Feza Gürsey was given the Science Award of the Scientific and Technological Research Council of Turkey (TUBITAK) in 1969, the J. R. Oppenheimer Prize (with Sheldon Glashow) and the A. Cressey Morrison Prize (with Robert Griffiths) in Natural Sciences in 1977, the Albert Einstein Award in 1979, the College de France Award in 1981, the title of Commendatore by the Italian government in 1984, and the Wigner Medal of the Group Theory and Fundamental Physics Foundation in 1986. The Wigner Medal has been awarded biennially since 1977 at the International Colloquium on Group Theoretical Methods in Physics, a conference series Gürsey himself started in 1962 in Istanbul. He died in New Haven, Connecticut, on 13 April 1992. In recognition of his leading role in starting a school of theoretical physics in Turkey through the students he trained, TUBITAK, jointly with Bogaziçi University, established the Feza Gürsey Institute for research in theoretical physics and mathematics in 1996.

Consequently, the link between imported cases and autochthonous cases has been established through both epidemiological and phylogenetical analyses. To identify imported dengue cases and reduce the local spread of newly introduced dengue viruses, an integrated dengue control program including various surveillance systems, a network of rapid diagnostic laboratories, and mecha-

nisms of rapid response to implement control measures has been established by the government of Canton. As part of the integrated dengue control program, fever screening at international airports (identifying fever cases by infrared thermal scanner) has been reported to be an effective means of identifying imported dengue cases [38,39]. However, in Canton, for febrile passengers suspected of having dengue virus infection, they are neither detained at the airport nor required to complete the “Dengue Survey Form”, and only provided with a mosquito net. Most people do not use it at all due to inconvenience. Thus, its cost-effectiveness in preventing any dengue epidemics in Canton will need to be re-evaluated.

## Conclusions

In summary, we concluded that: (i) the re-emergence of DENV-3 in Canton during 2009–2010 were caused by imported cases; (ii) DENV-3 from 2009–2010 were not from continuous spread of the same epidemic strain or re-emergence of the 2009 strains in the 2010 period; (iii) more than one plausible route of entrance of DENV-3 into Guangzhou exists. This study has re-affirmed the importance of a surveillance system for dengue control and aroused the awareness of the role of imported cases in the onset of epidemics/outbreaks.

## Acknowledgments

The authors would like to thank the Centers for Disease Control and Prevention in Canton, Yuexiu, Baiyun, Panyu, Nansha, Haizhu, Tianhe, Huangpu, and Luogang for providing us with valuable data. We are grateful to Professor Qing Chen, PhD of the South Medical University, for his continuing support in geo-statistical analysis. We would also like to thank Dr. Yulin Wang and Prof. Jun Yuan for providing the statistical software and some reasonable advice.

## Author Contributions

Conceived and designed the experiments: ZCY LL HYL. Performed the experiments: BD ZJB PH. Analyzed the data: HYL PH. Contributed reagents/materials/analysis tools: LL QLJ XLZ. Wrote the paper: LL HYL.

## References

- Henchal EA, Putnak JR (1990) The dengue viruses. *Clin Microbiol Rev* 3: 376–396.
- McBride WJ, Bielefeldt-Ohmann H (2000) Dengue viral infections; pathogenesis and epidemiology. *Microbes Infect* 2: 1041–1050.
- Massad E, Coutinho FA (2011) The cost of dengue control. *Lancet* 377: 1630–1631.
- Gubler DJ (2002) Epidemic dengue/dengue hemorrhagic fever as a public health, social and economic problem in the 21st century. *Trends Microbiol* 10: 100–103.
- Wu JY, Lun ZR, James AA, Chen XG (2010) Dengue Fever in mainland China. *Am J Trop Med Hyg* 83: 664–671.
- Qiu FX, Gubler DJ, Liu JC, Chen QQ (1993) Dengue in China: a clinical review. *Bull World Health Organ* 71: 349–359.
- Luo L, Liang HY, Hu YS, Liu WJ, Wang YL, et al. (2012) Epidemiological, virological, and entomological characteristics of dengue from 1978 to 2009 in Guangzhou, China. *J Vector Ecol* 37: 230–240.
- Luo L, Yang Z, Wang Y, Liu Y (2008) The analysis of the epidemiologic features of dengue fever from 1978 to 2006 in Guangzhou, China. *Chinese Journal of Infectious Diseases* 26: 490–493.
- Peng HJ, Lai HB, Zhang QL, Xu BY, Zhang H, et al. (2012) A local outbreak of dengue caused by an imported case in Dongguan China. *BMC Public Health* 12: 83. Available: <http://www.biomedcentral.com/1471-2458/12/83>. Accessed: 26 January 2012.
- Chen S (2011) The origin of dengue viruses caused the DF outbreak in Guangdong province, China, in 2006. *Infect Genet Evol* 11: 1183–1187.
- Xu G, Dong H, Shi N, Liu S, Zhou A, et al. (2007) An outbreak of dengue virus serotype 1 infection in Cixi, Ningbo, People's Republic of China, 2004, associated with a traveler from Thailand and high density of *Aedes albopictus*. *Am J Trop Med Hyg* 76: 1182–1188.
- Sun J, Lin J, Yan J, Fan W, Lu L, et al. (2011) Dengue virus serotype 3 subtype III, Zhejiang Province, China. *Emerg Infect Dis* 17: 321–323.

WORKS BY GÜRSEY
“Classical Statistical Mechanics of a Rectilinear Assembly.” Proceedings of the Cambridge Philosophical Society 46 (1950): 182–194.
“On the Symmetries of Strong and Weak Interactions.” Nuovo Cimento 16 (1960): 230–240.
“Reformulation of General Relativity in Accordance with Mach’s Principle.”Annals of Physics 24 (1963): 211–242.
“Introduction to Group Theory.” In Relativity, Groups and Topology, edited by C. DeWitt and Bryce DeWitt. New York: Gordon and Breach, 1964. Lectures delivered at Les Houches during the 1963 session of the Summer School of Theoretical Physics, University of Grenoble.
“Introduction to the de Sitter Group.” In Group Theoretical Concepts and Methods in Elementary Particle Physics; Lectures, edited by Feza Gürsey. New York: Gordon and Breach, 1964. Proceedings of the Istanbul Summer School of 1962.